The First Week: Tourist-ing

Hi gang! I am here. I made it safely to my AirBnB and from there to my apartment as of today. It’s been, frankly, an exhausting week. I am so glad to be where I’m living for the next year, though. It’s a big relief. Today was rainy but luckily the worst of it didn’t start until after I had moved my bags in. I only had to walk back and forth to the shops in the drizzling rain – and I own waterproof combat boots and a raincoat, so I’m basically invincible. So, here’s how the past few days have gone:

Day 1: Arrival

I got into Heathrow at about 9:30 in the morning. Just so you know, the walk from international gates to passport control is ETERNAL. It was warmer here than I had anticipated, as well as more humid, so I was wearing a few too many layers to be comfortable. The passport control line wasn’t the worst, but it certainly wasn’t short. If you can, take advantage of the ePassport line – if you have this symbol:


…that means you can use that line. It’s for biometric passports and it’s much easier. I went through the regular line because I wasn’t sure about how my student visa affected that, but now you have been forewarned and can do research! And know for yourself!

After passport control I collected my checked bag, went through customs, and then was out of the airport. From there I requested an Uber – I used Heathrow’s wifi because my cell phone account in the US was suspended (this means I can keep my line at home but not have to pay much) and I didn’t have UK service yet. This actually ended up working out well. The Uber driver was very nice and drove me to the AirBnb where I checked in. The host was very kind and helped me with my bags. I got settled in and FaceTimed my mother who was anxiously waiting to hear from me. By now it was noon or so. Before I left I had ordered a Visitor Oyster card to use until I got my 18+ Student Oyster card. Using an Oyster card is cheaper than buying single fares and London buses don’t take cash, so it’s really your best option.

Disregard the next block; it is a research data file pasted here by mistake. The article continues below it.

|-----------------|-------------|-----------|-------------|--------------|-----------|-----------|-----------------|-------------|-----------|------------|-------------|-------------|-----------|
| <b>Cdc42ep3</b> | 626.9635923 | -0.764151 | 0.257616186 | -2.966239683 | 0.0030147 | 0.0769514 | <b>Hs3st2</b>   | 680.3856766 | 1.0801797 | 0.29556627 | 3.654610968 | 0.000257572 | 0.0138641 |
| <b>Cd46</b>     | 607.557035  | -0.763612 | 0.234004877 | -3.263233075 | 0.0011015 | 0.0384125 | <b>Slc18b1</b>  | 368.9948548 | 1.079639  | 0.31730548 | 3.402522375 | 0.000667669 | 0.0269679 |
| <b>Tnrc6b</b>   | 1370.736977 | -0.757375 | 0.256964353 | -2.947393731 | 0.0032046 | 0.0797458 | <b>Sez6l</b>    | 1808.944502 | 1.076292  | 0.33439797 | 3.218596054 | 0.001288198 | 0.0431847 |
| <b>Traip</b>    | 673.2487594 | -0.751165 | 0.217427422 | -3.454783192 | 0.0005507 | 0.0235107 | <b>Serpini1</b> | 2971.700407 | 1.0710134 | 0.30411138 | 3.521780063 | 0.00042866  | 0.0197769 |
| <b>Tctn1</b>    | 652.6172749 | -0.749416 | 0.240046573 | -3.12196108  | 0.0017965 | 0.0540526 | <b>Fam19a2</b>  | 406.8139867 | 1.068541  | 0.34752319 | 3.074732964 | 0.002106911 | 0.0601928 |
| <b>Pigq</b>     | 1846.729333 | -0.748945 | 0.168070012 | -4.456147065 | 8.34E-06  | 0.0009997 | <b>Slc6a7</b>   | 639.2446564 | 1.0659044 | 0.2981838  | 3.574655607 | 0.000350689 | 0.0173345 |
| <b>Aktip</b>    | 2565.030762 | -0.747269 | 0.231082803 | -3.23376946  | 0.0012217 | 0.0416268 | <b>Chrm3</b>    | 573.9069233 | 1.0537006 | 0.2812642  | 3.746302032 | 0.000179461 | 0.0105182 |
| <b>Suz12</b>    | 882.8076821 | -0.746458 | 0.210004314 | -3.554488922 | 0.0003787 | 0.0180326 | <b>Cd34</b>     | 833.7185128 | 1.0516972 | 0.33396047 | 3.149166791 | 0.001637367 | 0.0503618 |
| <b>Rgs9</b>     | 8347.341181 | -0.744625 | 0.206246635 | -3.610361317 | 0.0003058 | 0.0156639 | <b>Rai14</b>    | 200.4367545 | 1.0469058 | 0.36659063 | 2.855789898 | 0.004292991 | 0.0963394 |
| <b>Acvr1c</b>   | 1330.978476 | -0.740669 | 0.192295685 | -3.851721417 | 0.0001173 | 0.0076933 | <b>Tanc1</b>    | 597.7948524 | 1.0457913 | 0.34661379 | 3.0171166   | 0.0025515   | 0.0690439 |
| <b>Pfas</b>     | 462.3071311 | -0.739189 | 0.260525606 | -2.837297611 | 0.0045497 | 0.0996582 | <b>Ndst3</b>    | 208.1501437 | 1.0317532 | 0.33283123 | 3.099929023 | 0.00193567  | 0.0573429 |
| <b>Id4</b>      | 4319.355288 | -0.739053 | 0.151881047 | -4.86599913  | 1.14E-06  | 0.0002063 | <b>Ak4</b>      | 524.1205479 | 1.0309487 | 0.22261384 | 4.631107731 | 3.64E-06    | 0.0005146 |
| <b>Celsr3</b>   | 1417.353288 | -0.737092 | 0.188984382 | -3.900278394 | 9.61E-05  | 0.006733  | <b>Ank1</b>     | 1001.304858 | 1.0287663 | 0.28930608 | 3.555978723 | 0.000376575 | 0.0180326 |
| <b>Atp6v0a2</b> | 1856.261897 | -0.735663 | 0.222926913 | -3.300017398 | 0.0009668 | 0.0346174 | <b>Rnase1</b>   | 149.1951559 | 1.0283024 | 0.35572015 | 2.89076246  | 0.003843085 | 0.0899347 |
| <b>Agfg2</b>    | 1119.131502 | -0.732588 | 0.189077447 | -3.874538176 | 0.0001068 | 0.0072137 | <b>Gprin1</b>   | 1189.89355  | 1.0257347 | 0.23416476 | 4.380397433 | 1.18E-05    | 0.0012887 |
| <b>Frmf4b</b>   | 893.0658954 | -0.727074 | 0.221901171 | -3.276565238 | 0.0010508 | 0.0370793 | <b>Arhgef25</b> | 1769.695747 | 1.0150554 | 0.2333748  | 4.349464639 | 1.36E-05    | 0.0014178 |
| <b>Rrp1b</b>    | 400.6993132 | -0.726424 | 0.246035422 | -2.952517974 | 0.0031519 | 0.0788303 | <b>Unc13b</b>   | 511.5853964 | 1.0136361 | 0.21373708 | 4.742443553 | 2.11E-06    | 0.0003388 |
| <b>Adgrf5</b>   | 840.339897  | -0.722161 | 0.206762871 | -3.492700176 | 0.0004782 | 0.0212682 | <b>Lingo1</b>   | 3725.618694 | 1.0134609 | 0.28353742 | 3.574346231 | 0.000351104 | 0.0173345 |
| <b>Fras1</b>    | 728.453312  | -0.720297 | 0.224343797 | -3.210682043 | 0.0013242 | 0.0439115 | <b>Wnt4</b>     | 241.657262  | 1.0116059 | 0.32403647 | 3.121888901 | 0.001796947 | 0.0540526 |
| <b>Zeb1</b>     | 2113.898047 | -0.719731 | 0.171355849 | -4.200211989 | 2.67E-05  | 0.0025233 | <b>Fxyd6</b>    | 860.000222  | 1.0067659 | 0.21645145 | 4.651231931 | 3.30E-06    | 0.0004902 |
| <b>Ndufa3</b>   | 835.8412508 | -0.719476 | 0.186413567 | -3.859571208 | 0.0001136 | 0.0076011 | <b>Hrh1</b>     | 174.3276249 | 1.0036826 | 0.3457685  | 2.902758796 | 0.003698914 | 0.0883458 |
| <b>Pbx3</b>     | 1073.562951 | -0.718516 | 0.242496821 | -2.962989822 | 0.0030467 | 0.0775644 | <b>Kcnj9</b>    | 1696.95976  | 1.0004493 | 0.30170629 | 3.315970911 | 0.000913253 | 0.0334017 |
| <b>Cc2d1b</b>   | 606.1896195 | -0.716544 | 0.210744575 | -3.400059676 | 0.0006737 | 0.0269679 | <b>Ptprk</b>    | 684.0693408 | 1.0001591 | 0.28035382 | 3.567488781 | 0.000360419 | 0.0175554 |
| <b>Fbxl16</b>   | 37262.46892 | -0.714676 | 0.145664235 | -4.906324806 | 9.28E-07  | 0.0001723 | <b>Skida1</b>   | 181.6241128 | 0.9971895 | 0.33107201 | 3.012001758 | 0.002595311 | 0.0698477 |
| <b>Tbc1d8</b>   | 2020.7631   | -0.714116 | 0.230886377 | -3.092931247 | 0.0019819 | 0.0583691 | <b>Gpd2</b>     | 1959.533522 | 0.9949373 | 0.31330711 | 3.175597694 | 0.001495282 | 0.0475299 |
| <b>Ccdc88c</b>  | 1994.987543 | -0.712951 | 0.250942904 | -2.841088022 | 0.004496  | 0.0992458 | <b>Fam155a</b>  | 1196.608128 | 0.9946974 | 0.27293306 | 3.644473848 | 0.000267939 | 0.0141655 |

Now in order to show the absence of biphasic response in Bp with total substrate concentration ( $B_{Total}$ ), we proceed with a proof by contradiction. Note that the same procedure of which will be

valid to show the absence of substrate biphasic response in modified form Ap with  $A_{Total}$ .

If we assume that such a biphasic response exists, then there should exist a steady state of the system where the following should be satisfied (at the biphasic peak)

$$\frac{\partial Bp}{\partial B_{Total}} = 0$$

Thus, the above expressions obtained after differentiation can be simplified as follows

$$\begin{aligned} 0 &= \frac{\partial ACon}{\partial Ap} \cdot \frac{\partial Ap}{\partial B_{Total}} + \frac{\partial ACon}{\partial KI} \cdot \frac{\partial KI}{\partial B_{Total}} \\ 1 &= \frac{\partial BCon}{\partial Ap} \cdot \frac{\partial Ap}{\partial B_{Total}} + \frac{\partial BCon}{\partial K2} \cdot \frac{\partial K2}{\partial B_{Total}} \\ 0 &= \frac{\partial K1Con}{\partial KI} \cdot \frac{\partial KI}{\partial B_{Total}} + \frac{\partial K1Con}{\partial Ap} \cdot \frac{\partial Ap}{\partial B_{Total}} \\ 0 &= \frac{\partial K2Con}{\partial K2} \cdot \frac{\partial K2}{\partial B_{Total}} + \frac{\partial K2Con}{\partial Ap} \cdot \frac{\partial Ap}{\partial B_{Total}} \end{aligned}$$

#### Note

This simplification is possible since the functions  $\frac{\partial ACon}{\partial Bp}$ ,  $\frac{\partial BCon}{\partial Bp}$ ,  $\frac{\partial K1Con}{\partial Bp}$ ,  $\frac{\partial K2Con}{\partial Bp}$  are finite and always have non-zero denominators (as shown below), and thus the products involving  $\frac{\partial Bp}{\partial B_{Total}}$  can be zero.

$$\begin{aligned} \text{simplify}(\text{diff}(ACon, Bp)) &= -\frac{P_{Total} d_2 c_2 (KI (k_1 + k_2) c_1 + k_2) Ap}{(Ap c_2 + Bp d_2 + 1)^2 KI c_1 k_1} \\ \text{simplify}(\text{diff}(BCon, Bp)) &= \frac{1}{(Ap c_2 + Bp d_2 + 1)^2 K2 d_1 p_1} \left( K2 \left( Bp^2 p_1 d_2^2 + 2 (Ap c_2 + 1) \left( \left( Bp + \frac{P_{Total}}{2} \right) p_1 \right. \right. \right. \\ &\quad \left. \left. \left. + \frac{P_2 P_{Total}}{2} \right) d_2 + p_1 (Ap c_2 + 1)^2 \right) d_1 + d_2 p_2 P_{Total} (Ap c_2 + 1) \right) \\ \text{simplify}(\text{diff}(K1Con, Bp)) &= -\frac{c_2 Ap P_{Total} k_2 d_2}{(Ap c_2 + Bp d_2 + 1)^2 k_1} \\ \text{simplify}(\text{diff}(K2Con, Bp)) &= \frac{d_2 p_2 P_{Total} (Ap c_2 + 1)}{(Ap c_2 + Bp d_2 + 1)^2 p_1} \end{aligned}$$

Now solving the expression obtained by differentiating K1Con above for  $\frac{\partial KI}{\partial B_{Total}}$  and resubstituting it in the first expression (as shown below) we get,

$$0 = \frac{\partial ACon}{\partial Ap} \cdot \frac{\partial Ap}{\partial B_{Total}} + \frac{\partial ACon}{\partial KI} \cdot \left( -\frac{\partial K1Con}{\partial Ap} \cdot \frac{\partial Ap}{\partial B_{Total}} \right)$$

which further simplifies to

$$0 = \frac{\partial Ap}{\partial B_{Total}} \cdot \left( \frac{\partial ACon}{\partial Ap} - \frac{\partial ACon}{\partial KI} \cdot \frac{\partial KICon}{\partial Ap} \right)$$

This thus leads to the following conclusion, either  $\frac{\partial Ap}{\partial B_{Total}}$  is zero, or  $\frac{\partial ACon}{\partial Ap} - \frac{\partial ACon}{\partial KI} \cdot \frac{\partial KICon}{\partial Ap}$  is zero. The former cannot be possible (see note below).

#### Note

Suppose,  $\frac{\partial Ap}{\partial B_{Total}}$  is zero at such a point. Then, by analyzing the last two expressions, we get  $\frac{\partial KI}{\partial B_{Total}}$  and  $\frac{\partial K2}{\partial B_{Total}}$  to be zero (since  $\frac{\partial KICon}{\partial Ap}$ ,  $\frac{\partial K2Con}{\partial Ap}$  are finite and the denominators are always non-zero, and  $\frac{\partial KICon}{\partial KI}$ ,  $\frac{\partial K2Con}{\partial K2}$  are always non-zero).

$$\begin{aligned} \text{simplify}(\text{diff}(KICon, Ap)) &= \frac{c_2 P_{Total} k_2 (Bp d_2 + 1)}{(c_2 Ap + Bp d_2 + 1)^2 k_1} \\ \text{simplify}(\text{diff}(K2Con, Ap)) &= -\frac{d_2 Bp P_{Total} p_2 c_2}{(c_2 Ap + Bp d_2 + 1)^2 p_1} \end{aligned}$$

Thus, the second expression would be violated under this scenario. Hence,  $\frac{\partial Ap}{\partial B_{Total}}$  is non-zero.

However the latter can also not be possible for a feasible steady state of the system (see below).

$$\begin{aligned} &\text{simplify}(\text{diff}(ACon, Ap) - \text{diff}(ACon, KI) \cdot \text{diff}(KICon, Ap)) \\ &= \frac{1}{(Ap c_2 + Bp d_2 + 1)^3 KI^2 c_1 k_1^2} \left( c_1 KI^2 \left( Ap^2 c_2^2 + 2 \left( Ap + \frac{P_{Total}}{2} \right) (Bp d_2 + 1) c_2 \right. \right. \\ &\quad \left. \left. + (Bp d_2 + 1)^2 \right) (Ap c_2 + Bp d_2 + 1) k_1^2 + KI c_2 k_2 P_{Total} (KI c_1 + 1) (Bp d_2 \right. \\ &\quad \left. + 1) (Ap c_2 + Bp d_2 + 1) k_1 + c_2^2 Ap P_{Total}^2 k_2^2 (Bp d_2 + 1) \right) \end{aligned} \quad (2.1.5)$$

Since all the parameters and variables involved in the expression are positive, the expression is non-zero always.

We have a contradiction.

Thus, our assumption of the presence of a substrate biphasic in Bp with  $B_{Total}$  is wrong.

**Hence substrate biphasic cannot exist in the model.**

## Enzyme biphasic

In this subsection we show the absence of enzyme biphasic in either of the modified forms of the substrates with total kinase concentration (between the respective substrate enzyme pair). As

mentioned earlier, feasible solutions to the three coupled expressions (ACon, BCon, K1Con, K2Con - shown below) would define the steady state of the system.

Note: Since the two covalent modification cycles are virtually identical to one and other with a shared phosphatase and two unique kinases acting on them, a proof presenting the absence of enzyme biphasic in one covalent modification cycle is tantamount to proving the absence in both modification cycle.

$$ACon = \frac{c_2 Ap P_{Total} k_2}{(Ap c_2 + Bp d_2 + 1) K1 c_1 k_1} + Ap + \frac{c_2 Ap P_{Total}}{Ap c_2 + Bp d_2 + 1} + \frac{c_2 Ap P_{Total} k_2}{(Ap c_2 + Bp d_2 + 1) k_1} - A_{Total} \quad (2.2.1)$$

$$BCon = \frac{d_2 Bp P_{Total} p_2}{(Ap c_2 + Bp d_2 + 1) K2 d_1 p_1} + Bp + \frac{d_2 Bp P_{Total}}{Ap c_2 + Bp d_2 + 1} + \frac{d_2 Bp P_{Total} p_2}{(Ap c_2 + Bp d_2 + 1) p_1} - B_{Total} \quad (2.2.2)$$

I slept almost not at all on the flight – in terms of elapsed time, it was only 8PM or so when I tried to sleep, and I was anxious and overstimulated. I catnapped for maybe an hour or so, but that is not a substitute for a night’s sleep. So I took a quick nap and then when I woke up, freshened up a little and then went exploring.

Ok, so in the interests of journalistic integrity or telling the truth or whatever I have to confess that I woke up from my nap pretty distraught. I was far from home, I didn’t have anyone I knew, I missed my mom, I didn’t know how to do anything or get anywhere, there was nowhere familiar, I didn’t have any favorite restaurants and I was living out of a suitcase… What I’m saying is I had some emotions. So I cried about it for like 15 minutes and then pulled it together and went for a walk. I walked as far up and down the nearby high street (Walworth) as I felt comfortable and then discovered a cute little Thai place to have dinner. I ate by myself but made friends with the waitress who taught me how to count change when I paid. The coins here make about as much sense as in America, which is to say – very little.

I’m pretty sure I was asleep before the sun went down.

Day 2: Tate Modern & The Globe

On my first full day in the UK, I had a pretty low-key day planned. Earlier this summer I bought a ticket to Midsummer Night’s Eve at the Globe, and as it was a matinee I decided I could spend the morning next door at the Tate Modern. They’re literally right next to each other.

I got up, put on a cute dress because it was about 80 (Fahrenheit) here, and before leaving the safe haven of wifi, I made sure to save my routes between the place I was staying and the Tate, as well as my route from the Globe back. Citymapper has a great offline save feature where you can star a particular route and it saves it to be accessed offline. Simple.

I successfully made it to the Tate on my first-ever bus ride in London. It was a great confidence booster, and the beautiful weather also helped. Public museums in Britain are free, so it doesn’t cost anything to get in, but they do ask that you donate if you can. The Tate also has free wifi, so if you use iMessage or any apps that use the internet to send messages, you’re set within the Tate’s boundaries. It actually reaches pretty far – later in the afternoon I was making my way down the riverwalk along the Thames and had reconnected to their wifi several hundred yards away. They also have a cafe, which is where I got lunch, but if I’m being honest the food was not great. It was nice not to have to leave the area though, so beggars can’t be choosers.